I can’t lie: They nail this one. Jahbril Cook is easily the film’s star, and he knows exactly how to play this role with the right blend of earnestness and camp. It helps that this musical number takes place in his head, as he imagines finally winning Presley over. Baby, Baby is a cheery pop ballad, and the film leans hard into the cheese. The neon-drenched stage George create in his mind is a nice touch. And I appreciate that when the joke’s gone on long enough, the film knows to cut out. It just proves the #1 tenant of Christian music: You won’t go wrong with Amy Grant. A
Place in This World
Hey, this one fits thematically! Michael W. Smith’s ballad is about grappling with identity and trying to find out where you belong. So, it makes sense to tie it to Will, who is grappling with feeling out of place at a camp full of shiny, polished Christians, and Avery, who feels put into a box because her dad’s the camp counselor. Quinn and Bailee Madison have good voices, and the choreography is simple, and the visuals make good use of fields, woods and lakes. Sure, it turns a song about existential angst into a love ballad, but Smitty’s original music video already did that, anyway. B+
Mea culpa: When I originally saw the movie, I dinged this version of the Audio Adrenaline song because instead of a “big, big yard where we can play football,” it was set in a wooded grove while playing paintball. I must have been staring at my phone, though, because there are indeed shots of football (and tug of war).
“Big House” is, of course, the ultimate youth group song. Lyrically, I’ve never quite understood whether the song was about Heaven or inviting someone to church, but either way, it’s easy to see why this caught on with teenagers. It’s about community and acceptance, and so scoring it to a song about camp activities makes sense.
But real talk? The overly auto-tuned singing is no match for the still very fun Audio Adrenaline original, and once again the choreography feels self-conscious and stilted. If you ever attended a church Youth Night and watched the teen choir perform this with hand motions, this feels about the same. C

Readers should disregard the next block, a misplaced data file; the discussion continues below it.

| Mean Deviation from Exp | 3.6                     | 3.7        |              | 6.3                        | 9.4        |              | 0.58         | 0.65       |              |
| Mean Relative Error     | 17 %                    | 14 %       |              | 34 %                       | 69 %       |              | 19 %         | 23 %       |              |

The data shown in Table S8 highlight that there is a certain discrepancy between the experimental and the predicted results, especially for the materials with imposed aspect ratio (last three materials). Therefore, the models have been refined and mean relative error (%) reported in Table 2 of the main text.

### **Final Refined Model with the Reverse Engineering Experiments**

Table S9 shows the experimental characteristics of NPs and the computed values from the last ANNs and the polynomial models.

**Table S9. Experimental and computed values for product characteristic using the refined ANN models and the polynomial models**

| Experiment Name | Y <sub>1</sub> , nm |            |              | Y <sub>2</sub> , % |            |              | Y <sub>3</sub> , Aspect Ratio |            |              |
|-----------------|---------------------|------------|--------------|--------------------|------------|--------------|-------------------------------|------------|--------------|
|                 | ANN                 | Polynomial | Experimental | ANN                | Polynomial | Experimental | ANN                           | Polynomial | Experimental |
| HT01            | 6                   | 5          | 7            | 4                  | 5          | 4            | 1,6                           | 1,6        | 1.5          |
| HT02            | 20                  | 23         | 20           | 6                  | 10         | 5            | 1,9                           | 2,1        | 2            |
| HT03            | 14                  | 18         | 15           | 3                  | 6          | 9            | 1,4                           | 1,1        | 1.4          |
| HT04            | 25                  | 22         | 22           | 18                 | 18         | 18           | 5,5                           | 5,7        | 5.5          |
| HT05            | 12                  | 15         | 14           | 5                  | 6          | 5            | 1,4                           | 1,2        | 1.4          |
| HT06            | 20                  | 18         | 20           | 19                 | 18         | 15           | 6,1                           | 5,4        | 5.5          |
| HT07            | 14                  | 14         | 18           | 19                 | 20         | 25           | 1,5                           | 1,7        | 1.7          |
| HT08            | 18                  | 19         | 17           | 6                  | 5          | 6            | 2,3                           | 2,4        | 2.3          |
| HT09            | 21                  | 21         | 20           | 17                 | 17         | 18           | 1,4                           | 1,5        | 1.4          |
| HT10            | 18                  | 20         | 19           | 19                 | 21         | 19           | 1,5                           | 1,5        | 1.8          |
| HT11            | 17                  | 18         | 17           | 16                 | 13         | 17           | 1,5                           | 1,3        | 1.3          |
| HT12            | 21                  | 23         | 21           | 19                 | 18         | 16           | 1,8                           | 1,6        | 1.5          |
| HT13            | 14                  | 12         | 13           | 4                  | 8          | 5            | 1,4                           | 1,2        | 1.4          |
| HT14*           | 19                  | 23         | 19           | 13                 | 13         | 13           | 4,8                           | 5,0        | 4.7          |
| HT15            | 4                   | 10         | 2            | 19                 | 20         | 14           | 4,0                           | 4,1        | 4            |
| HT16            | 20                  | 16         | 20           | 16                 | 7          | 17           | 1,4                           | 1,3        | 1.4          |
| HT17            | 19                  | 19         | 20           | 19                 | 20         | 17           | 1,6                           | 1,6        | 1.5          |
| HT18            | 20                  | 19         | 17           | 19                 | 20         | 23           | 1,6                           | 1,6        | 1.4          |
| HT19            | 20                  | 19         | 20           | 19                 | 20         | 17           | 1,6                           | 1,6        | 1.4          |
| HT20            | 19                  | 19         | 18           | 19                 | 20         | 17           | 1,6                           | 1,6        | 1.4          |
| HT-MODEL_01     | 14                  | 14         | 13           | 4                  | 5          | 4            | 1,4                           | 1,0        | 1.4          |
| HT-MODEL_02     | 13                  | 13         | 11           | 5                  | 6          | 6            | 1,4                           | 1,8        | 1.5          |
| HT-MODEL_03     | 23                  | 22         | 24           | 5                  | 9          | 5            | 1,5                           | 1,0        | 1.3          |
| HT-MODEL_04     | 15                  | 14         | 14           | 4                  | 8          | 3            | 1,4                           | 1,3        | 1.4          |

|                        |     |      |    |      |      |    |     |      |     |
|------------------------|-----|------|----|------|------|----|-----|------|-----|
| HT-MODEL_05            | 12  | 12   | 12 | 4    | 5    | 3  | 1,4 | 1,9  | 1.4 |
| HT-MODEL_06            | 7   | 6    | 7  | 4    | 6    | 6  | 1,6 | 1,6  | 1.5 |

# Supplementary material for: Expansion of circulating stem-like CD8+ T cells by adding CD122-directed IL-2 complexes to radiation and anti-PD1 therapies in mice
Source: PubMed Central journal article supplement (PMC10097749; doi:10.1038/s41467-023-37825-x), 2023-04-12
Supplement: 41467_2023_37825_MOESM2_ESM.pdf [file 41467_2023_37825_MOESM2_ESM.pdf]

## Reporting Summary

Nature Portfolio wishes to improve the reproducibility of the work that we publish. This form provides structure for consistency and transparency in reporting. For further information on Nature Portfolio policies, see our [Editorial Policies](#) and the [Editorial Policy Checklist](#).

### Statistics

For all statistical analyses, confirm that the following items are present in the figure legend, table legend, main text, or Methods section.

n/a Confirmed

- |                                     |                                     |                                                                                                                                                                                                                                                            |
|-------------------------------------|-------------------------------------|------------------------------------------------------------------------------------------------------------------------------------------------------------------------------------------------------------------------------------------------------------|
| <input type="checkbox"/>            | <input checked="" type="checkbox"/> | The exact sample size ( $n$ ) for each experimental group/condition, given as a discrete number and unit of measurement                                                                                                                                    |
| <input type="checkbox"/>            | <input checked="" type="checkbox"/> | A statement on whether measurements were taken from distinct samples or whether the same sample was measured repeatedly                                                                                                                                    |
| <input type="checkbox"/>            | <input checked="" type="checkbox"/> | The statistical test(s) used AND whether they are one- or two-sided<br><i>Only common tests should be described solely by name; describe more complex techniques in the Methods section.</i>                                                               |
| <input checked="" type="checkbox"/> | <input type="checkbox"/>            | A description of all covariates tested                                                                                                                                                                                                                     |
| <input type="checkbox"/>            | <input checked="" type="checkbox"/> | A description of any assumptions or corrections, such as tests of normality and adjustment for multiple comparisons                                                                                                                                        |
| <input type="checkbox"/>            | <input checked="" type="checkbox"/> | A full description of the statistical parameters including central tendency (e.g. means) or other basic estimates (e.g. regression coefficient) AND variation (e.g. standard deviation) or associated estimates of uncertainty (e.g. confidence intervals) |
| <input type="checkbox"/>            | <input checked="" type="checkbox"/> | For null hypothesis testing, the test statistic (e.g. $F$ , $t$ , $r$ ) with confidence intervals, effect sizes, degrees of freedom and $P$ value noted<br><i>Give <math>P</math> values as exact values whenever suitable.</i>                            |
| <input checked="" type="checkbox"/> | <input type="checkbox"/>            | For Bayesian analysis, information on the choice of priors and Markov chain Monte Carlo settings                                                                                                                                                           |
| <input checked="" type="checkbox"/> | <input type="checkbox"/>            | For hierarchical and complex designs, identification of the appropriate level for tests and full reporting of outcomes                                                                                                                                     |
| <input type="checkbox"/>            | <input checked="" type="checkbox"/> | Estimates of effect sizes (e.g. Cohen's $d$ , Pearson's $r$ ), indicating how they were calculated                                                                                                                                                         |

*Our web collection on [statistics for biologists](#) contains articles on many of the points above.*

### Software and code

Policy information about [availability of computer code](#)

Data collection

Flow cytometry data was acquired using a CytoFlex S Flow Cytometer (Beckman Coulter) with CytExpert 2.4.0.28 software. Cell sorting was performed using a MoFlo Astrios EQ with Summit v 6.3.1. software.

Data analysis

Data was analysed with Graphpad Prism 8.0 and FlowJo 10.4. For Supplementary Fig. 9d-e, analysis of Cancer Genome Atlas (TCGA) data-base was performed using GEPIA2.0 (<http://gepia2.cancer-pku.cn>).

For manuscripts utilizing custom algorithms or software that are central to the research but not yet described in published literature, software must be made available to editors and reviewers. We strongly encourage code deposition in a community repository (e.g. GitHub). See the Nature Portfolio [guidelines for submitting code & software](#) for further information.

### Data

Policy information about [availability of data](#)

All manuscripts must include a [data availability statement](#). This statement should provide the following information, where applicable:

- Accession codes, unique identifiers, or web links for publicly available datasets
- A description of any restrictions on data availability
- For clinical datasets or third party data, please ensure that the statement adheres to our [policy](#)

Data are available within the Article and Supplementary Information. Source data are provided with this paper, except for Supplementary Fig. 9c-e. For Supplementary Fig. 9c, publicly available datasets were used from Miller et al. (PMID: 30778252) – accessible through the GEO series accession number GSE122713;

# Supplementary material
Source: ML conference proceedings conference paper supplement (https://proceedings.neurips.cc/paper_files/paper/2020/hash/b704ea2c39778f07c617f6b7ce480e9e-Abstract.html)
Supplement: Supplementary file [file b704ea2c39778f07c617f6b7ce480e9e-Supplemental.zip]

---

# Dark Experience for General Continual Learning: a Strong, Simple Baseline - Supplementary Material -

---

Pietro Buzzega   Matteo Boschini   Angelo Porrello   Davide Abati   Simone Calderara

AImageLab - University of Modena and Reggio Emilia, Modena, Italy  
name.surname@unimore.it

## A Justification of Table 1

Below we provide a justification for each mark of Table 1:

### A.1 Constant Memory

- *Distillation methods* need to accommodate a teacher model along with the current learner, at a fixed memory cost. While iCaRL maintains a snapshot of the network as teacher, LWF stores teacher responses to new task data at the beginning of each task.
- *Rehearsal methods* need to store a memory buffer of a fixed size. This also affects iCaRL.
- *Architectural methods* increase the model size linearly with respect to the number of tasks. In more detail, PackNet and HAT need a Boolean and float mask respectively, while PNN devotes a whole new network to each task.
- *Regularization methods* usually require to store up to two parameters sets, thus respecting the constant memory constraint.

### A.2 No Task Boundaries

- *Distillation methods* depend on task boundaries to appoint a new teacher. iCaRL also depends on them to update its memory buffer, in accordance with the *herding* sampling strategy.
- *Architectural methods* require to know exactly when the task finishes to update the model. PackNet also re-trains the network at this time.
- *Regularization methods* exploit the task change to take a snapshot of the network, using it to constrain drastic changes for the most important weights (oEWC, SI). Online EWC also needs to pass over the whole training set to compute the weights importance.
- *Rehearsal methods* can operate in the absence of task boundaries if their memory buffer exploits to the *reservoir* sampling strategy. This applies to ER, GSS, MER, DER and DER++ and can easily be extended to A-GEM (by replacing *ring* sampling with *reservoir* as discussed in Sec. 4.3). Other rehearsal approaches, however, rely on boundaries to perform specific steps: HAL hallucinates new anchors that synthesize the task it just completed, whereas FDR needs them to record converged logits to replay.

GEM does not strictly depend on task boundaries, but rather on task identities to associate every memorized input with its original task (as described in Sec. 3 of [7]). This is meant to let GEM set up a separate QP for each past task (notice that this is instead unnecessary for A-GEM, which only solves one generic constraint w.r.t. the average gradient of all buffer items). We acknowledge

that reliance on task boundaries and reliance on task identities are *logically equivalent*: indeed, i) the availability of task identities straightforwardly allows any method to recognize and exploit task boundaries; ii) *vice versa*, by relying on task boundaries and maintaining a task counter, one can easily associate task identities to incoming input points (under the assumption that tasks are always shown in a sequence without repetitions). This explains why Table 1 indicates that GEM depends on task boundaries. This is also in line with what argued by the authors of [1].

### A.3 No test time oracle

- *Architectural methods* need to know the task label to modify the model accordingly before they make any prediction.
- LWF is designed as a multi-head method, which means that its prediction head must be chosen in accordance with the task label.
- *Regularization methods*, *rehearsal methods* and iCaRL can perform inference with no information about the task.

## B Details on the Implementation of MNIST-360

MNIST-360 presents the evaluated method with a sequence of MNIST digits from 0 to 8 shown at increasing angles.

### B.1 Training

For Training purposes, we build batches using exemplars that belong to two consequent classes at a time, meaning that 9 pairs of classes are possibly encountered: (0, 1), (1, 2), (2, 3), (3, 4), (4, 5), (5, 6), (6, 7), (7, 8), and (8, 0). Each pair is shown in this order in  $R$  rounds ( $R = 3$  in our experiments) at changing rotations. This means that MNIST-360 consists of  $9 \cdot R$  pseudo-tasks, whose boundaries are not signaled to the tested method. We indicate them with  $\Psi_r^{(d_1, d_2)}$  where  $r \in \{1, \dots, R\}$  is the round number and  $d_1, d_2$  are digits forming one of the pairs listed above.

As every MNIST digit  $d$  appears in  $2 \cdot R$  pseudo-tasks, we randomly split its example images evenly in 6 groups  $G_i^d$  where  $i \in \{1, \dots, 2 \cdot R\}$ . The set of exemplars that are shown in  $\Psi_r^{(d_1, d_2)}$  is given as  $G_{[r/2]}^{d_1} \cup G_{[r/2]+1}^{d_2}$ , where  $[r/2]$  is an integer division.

Awesome God/God Only Knows
Rich Mullins’ “Awesome God” is a church camp staple (at least the chorus; for whatever reason, no one ever sings the lyrics, which is a topic for another post). So, the setting is perfect for bringing this one out. I’m less familiar with For King and Country, who debuted when I was in a non-Christian music phase, but blending “God Only Knows” is a nice touch. If only this sounded like it was recorded by a campfire; once again, the vocals are over-produced.
But there’s a bigger issue, and it’s my main gripe with A Week Away. What, exactly, is the spiritual moment everyone is having? There’s some vague talk that “God sees you, and he’s a fan” and a mention of Jer. 29:11. Will seems to be having some crisis of faith, but the film never seems much interested in exploring that. The song and setting make it feel like there’s a spiritual moment occuring, but the actual experience seems a bit empty. In that respect, maybe it’s the perfect approximation of church camp. C+
Where I Belong
Will’s big, “come to Jesus” moment. Or is it? In true CCM fashion, the lyrics are vague, and the visuals don’t help. Will sets off from camp but quickly returns because …. he’s had a spiritual experience? He had fun playing tug of war? He met friends? I guess it’s all of the above, but it ties into the film’s biggest problem, in that it never quite feels like its spiritual convictions are rooted in anything. And listen, I hate big, overblown conversion moments in movies as much as anyone; but if you’re celebrating the genre, you kind of need it, and this film misses it. The song sounds nice, but the lyrics are insipid. D+
Best Thing Ever
The great musical moment — the protagonist shows up on stage and begins singing a song that everyone knows the words to. It’s silly and stupid, but it’s a musical, and you need to honor these little moments. Honestly, it’s a fun little bop, and I appreciate that it carries over to the ending, complete with one last gasp of church choir choreography. The song isn’t even the best thing in the movie, but it’s a fun little way to close it out. B
Oh wait, that’s right. In a movie about church camp and teenagers building relationships, the movie never takes the most obvious route and closes with all the characters singing Michael W. Smith’s “Friends”. Maybe these friends aren’t friends forever. Is the Lord the lord of them? Would Smitty give over the rights? Maybe they’ll sing it in A Week Away 2. Either way, it feels like a big missed opportunity not to close a celebration of CCM out with the most CCM-y song ever.
A Week Away is now streaming on Netflix.